There are recommendations of the Clinical and Laboratory Standards Institute (CLSI) how to perform quality controls for microbiological transport systems proposing that the inoculation volume is pipetted into tubes or wells of a microtiter plate and the swab is placed into the tube or well , but these recommendations do not consider inter-individual differences in patients. Yet, clinical swab studies have to deal with these inter-individual differences concerning anatomy, surface-moisture, or bacterial densities in patients' noses and therefore can hardly be standardized. To address these issues this study followed a new approach by utilizing a recently introduced, anatomically correct, artificial nose model ,  inoculated with a defined mixture of MRSA and S. epidermidis to analyze bacterial recovery rates from different swab-types by direct plating and after elution into Amies medium, respectively. Thus, anatomical and mechanical challenges as well as a high degree of laboratory reproducibility are combined in a nasal MRSA-screening study for the first time.
Materials and Methods
The following swabs were tested:
- MWE medical wire, Corsham Wiltshire England, Tubed Sterile Dryswab, rayon, ref. MW102;
- MWE medical wire, Corsham Wiltshire England, Sigma Dry Swab Tubed, Σ-Swab, polyurethane cellular foam, ref. MW941;
- Mast Group Ltd., Reinfeld, Germany, MASTASWAB MD 555, rayon, via Copan, Brescia, Italy, ref. 800155;
- Copan, Brescia, Italy, FLOQSwabs, eSwab, ref. 490CE.A. Sterile single use sample collection pack containing:
- pink polypropylene screw-cap tube with internal conical shape filled with 1 ml of liquid Amies medium
- one regular size applicator swab with flocked nylon fiber tip.
- Sarstedt, Nuembrecht, Germany, neutral swab, rayon, via Copan, Brescia, Italy, cat.no. 80.1301.
For elution experiments Amies medium from Copan sample collection pack (see swab no. 4, Copan ref. 490CE.A) was used for all swab-types.
Bacterial culture techniques
Staphylococcus aureus MRSA strain (ST22-MRSA-IV, Barnim epidemic strain) and Staphylococcus epidermidis strain (DSMZ 1798) were separately propagated at 37°C in brain-heart-infusion (BHI) medium as overnight standing cultures in ambient air. Early stationary phase cells were harvested, washed in phosphate-buffered saline (PBS; NaCl (137 mmol/l), KCl (2.7 mmol/l), Na2HPO4×2 H2O (10 mmol/l), KH2PO4 (2.0 mmol/l)) at pH 7.4 and resuspended in BHI medium+20% glycerol. Aliquots were stored at −80°C for up to 3 months. After 3 d conservation in the freezer, stock concentration was determined by viable cell count of 3 tubes. Therefore, tube content was transferred into 1000 µl PBS (8000 rpm, 4°C, 5 min (5417R Eppendorf)) followed by 1∶10 serial dilution steps in PBS and cultivation of 100 µl aliquots on Columbia agar supplemented with 5% sheep blood at 37°C under ambient atmosphere for 48 h.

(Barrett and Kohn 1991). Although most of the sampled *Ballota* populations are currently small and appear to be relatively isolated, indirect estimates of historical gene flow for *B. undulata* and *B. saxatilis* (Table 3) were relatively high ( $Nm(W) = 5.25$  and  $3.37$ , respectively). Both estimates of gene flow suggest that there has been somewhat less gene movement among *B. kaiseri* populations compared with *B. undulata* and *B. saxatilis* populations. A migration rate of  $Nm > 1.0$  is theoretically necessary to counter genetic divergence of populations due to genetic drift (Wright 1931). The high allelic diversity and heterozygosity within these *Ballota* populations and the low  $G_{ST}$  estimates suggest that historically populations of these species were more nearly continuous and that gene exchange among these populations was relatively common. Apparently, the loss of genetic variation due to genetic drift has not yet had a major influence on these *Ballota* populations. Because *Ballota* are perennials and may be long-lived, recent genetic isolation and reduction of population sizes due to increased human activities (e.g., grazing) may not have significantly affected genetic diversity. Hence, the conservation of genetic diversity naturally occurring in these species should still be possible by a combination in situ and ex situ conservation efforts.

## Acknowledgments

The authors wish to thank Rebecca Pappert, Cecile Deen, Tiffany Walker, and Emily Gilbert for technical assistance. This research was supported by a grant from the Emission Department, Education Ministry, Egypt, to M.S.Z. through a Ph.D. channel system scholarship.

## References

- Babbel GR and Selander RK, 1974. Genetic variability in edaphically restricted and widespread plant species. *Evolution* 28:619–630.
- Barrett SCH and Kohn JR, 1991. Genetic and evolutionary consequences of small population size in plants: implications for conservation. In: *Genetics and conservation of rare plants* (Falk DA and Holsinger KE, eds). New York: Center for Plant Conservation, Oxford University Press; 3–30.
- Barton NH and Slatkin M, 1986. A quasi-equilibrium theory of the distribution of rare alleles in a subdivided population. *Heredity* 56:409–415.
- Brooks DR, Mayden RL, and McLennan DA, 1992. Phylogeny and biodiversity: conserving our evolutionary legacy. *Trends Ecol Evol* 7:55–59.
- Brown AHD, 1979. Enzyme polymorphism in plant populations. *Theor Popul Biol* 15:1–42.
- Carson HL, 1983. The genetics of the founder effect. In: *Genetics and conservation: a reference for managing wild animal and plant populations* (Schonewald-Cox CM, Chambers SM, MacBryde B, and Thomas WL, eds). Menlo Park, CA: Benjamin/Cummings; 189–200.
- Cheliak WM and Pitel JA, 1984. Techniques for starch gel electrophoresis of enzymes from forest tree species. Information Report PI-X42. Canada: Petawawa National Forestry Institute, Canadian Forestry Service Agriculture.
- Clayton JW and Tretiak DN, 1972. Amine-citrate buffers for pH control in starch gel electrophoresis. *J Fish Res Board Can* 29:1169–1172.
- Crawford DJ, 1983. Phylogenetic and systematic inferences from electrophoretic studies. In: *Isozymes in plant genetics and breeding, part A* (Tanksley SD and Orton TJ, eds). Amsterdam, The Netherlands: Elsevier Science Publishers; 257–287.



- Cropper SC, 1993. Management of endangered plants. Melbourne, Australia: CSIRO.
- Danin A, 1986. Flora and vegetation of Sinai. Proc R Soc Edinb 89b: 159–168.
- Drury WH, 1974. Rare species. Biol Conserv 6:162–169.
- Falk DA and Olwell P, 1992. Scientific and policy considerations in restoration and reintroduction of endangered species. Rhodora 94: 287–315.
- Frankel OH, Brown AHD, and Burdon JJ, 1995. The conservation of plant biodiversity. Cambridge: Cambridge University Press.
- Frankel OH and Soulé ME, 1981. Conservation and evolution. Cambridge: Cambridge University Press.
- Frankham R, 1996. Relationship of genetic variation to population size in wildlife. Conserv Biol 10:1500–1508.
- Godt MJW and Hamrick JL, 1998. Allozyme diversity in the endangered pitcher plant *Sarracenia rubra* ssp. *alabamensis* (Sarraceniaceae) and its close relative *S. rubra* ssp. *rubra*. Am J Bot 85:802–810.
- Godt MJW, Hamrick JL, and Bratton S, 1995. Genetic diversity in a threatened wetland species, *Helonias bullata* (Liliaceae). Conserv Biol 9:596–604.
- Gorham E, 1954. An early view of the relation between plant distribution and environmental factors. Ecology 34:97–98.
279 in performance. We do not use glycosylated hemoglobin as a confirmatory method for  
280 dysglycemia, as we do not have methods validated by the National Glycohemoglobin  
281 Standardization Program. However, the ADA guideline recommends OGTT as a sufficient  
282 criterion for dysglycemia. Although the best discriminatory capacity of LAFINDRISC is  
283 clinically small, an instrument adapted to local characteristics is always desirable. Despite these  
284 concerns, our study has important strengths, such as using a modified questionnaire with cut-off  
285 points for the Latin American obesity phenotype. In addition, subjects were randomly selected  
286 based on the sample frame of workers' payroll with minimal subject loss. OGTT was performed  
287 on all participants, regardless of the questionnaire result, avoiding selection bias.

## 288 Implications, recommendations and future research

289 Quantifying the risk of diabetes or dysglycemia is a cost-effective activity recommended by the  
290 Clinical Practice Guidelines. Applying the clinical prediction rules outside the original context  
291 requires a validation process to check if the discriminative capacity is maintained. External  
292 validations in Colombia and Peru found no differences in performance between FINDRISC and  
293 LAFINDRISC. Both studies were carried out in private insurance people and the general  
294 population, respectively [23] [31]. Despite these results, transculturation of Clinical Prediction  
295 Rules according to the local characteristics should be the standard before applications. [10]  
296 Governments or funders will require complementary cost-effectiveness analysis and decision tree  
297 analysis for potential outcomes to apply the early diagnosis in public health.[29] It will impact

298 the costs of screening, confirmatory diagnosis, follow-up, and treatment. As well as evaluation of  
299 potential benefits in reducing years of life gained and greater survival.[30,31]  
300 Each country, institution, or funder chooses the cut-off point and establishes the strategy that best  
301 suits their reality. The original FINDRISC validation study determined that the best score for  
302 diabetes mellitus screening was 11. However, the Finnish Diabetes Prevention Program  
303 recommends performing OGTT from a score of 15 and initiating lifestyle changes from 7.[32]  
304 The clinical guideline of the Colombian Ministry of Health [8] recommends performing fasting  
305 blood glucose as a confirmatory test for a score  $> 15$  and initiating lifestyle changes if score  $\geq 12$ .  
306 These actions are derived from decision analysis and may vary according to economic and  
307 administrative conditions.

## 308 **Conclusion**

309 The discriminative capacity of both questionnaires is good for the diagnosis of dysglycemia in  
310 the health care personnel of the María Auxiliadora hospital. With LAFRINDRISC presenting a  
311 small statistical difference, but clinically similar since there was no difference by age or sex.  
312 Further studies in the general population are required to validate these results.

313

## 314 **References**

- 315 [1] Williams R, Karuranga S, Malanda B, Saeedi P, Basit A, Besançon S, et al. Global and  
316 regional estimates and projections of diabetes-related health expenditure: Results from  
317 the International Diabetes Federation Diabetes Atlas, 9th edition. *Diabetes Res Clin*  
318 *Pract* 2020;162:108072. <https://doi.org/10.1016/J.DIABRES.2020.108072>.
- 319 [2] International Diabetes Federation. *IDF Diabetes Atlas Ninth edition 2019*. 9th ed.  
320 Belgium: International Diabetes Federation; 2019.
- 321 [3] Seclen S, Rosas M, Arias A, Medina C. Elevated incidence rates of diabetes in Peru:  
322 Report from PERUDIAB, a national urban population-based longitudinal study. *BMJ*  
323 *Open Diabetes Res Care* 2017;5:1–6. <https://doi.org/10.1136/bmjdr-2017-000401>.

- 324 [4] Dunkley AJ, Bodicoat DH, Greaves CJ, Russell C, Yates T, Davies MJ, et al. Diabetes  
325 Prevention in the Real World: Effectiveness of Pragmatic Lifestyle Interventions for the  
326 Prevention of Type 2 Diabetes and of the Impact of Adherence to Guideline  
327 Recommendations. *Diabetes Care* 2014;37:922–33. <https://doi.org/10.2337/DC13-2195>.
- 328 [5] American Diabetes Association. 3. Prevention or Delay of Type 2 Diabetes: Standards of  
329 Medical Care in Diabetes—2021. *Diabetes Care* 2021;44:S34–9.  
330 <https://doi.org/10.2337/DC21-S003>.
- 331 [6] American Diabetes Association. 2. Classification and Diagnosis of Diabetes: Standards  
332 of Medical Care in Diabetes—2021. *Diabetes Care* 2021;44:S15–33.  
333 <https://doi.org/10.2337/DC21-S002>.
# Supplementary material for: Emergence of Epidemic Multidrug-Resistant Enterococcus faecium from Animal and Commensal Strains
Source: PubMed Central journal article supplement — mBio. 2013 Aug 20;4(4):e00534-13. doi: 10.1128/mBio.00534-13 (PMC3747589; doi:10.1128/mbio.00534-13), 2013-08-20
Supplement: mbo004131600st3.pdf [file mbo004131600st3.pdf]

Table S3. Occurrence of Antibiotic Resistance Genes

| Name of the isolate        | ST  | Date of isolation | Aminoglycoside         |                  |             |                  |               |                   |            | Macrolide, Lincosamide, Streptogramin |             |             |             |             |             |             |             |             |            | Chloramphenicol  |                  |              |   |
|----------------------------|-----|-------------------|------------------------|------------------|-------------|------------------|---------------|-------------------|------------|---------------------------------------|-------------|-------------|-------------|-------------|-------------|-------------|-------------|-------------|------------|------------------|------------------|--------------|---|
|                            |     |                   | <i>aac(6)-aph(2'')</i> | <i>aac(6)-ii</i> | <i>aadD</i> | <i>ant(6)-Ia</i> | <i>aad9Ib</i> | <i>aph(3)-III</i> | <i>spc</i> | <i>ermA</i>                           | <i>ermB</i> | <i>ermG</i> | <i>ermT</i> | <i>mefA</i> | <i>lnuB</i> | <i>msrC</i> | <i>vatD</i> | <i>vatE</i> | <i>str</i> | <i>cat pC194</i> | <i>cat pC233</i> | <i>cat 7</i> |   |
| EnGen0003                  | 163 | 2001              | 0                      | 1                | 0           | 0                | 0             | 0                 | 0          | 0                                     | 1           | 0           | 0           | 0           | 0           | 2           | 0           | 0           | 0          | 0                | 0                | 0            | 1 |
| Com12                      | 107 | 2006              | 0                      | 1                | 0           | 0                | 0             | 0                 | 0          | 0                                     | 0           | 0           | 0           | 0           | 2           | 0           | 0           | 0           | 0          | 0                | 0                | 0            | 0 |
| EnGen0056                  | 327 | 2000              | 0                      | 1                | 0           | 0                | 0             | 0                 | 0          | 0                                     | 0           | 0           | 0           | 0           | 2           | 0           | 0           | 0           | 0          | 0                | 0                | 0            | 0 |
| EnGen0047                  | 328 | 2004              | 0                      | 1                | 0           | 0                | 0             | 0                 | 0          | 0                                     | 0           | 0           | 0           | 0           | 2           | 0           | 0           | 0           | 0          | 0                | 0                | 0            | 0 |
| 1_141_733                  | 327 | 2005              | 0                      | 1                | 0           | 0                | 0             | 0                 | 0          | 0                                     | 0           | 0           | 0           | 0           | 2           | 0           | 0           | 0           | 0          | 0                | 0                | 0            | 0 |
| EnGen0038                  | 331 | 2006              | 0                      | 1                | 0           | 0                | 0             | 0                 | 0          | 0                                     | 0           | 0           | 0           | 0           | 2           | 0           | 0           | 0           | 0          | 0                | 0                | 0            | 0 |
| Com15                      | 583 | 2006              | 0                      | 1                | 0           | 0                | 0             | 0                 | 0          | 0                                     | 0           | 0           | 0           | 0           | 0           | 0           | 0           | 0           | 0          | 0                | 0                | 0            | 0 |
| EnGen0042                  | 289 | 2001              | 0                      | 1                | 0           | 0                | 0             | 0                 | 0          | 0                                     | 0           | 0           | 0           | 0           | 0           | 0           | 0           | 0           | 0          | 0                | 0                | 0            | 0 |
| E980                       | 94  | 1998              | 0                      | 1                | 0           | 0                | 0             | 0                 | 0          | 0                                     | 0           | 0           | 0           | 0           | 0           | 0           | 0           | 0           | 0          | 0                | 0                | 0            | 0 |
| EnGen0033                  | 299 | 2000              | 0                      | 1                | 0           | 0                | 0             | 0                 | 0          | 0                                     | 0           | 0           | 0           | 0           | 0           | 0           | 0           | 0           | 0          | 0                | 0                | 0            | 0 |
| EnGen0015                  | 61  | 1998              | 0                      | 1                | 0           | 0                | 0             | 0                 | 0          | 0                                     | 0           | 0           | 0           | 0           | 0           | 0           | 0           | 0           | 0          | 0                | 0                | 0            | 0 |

Inoculation of the nose models
Nose models (Figure S1) were prepared for each test series at the day of usage. Autoclaved, sterile nose models were inoculated with a suspension of Staphylococcus aureus ST22-MRSA-IV and Staphylococcus epidermidis DSMZ 1798 bacterial strains at quantities of 4×102 and 8×102 CFU, respectively. Four 10 µl droplets of bacterial suspension were applied within the nasal vestibules. The nose models were then dried for one hour at room temperature.
Nose models were swabbed according to Warnke et al. . Each nasal vestibule was swabbed by circulating five times while rotating the swab and exerting gentle pressure.
Detection of bacteria
All swabs were placed into the corresponding transport tube and were subjected to microbiological analysis one hour after swabbing the nose models to simulate optimum transport conditions. CFU were determined by streaking swabs in a standardized fashion onto Columbia agar supplemented with 5% sheep blood in 5 streaks with a length of 5 cm while constantly rotating the swab shaft in an angle of 45° to the plate and exerting gentle pressure (swab shaft was slightly bended).